Over 50 days later, they’re still there, occupying the school alongside a network of community activists and other supporters. In the meantime, they’ve started “Parker Community School,” which offers free summer programming for schoolchildren and adults. Even as the next school year approaches, they’re refusing to back down, with plans to expand their efforts as part of a broader fight against educational racism and inequity in Oakland and across the country.
“Our kids are important to us — and that’s the reason why this has to happen,” said Misty Cross, a mother of two in the district who has been one of several parents sleeping at the school. “When we keep seeing closures every year, those are entire communities that are at stake.”
In February, the Oakland Unified School District approved plans to close, merge or shrink 11 schools in predominantly Black and Brown neighborhoods in the district, including Parker, which has served children in grades K-8 for 96 years. While officials say the closures are necessary to address budget shortfalls, families, teachers and students in the district’s close-knit schools have expressed widespread and impassioned opposition.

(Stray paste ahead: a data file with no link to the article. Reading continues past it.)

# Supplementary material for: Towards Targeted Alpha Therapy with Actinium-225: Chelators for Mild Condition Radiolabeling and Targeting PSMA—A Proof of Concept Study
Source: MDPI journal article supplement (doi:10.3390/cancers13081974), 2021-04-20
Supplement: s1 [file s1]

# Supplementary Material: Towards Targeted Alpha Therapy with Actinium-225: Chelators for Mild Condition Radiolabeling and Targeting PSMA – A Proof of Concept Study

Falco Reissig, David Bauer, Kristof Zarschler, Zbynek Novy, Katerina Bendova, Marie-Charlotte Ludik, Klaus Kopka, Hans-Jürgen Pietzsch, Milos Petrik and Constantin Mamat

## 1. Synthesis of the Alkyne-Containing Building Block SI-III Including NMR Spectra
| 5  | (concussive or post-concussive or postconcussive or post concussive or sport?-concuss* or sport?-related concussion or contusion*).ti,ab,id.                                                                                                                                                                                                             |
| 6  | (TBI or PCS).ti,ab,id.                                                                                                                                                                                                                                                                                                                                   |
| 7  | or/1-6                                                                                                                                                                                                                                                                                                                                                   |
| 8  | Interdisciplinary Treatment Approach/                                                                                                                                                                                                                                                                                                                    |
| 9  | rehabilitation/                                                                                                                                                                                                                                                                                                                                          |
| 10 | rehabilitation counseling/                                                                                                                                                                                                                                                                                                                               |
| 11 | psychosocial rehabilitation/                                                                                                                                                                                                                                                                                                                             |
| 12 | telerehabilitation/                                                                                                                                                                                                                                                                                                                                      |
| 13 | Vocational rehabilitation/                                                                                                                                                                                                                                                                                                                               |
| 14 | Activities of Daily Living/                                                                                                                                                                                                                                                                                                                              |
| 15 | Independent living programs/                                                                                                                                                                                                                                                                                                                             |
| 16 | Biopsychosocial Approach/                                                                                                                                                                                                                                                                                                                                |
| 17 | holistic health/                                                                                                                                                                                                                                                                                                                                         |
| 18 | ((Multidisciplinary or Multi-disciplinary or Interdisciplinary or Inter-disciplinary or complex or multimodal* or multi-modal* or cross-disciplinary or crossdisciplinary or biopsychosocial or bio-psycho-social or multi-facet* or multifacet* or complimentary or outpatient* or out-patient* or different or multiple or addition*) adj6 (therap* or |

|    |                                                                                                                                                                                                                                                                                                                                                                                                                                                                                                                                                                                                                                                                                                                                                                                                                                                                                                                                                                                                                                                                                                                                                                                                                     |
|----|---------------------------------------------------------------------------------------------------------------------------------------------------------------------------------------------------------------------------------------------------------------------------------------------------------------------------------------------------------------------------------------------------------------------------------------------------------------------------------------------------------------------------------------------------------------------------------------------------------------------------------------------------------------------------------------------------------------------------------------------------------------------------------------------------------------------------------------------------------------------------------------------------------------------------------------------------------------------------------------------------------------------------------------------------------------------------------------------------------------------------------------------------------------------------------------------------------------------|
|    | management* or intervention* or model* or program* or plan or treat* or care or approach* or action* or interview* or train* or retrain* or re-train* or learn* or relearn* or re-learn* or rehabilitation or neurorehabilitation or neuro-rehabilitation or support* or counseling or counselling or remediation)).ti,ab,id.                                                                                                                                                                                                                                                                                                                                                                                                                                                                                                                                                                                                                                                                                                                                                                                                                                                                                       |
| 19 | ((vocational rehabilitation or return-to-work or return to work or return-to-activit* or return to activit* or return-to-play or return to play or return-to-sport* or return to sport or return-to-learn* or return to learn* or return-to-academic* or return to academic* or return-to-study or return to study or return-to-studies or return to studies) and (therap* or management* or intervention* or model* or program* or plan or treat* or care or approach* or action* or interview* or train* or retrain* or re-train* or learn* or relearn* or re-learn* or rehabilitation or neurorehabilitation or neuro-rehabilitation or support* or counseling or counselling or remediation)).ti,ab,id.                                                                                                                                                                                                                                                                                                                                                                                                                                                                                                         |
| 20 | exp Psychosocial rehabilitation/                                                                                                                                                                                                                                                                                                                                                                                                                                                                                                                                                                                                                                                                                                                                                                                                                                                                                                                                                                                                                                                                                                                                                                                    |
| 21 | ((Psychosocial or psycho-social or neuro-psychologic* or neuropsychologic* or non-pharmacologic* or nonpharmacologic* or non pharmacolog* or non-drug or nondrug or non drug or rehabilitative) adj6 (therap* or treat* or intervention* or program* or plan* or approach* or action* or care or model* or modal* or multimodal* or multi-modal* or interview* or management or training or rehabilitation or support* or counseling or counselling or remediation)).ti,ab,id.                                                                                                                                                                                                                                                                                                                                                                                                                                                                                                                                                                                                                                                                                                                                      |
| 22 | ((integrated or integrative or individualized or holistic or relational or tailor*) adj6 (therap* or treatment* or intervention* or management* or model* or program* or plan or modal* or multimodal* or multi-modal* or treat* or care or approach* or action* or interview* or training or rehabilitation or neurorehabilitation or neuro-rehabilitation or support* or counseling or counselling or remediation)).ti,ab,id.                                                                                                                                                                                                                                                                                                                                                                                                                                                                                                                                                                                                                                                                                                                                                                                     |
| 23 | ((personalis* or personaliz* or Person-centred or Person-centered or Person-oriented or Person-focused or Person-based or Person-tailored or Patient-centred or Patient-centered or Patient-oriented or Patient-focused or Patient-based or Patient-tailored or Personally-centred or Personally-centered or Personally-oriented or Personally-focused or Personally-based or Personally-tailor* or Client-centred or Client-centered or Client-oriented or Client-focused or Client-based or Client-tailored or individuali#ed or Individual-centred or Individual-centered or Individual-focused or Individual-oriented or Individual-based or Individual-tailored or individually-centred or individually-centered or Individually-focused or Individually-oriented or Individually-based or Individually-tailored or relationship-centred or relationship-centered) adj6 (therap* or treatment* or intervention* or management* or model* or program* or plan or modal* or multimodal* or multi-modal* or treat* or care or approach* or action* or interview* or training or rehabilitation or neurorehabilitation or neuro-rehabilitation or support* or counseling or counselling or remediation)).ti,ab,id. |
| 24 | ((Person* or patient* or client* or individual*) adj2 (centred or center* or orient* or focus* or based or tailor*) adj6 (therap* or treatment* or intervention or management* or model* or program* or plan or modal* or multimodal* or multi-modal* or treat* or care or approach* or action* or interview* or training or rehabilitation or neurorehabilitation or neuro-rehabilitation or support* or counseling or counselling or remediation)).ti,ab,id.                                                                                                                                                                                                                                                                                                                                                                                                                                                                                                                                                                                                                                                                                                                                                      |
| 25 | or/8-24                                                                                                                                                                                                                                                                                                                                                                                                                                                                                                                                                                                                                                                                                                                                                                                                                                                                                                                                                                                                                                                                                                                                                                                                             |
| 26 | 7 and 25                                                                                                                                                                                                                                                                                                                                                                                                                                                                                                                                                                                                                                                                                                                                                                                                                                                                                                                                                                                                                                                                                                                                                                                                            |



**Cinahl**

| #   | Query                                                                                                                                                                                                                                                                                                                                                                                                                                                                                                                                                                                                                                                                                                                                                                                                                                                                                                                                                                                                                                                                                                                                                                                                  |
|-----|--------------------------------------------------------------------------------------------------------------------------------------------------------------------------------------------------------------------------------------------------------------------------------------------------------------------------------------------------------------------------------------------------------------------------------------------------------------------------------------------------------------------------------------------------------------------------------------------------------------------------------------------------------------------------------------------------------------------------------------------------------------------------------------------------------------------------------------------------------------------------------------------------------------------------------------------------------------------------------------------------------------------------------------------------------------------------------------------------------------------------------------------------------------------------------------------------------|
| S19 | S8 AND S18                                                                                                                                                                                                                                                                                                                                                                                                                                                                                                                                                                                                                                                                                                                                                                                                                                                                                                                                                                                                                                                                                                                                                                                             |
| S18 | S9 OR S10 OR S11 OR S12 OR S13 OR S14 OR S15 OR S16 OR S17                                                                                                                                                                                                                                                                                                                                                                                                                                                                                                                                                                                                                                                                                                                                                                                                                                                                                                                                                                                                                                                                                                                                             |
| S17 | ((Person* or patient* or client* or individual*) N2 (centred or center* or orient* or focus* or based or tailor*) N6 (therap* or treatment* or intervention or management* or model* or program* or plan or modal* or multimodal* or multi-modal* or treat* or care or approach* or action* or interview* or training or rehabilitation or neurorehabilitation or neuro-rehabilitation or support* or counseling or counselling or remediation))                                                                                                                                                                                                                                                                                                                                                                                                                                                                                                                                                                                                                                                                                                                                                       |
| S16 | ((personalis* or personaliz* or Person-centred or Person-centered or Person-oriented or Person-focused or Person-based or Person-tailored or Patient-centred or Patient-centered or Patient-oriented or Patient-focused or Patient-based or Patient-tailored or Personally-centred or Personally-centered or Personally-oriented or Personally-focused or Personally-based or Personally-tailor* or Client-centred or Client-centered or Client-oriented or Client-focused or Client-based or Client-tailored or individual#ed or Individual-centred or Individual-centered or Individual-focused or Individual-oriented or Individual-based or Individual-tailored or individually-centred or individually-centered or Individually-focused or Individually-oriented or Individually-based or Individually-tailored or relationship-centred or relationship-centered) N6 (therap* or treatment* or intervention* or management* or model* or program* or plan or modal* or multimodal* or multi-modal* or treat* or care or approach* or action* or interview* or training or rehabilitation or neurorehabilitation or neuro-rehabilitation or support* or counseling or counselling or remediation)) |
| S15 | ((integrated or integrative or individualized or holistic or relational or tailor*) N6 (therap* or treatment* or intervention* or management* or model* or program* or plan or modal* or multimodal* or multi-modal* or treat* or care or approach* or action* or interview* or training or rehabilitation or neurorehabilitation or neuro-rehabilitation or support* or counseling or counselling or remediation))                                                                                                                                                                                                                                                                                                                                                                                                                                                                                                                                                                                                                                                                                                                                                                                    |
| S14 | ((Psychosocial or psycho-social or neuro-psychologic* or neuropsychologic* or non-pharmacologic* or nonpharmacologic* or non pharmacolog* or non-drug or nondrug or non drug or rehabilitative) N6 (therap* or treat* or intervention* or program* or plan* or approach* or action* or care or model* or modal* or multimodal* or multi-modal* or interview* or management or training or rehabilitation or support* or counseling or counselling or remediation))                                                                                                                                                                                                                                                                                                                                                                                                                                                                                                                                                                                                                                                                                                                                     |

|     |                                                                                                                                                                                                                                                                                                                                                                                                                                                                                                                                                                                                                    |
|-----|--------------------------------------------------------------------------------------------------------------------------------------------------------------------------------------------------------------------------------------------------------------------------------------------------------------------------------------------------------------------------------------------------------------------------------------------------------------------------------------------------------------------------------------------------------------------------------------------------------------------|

The Oakland Education Association teachers union held a one-day strike and filed an unfair labor charge over the plan. In April, the American Civil Liberties Union filed a complaint with the state’s attorney general on behalf of the Justice for Oakland Students coalition, urging an investigation into the closures’ disproportionate impact on Black students. In February, Maurice André San-Chez, an educator in the district, was hospitalized after hunger striking for 20 days to protest the closures alongside school administrator Moses Omolade.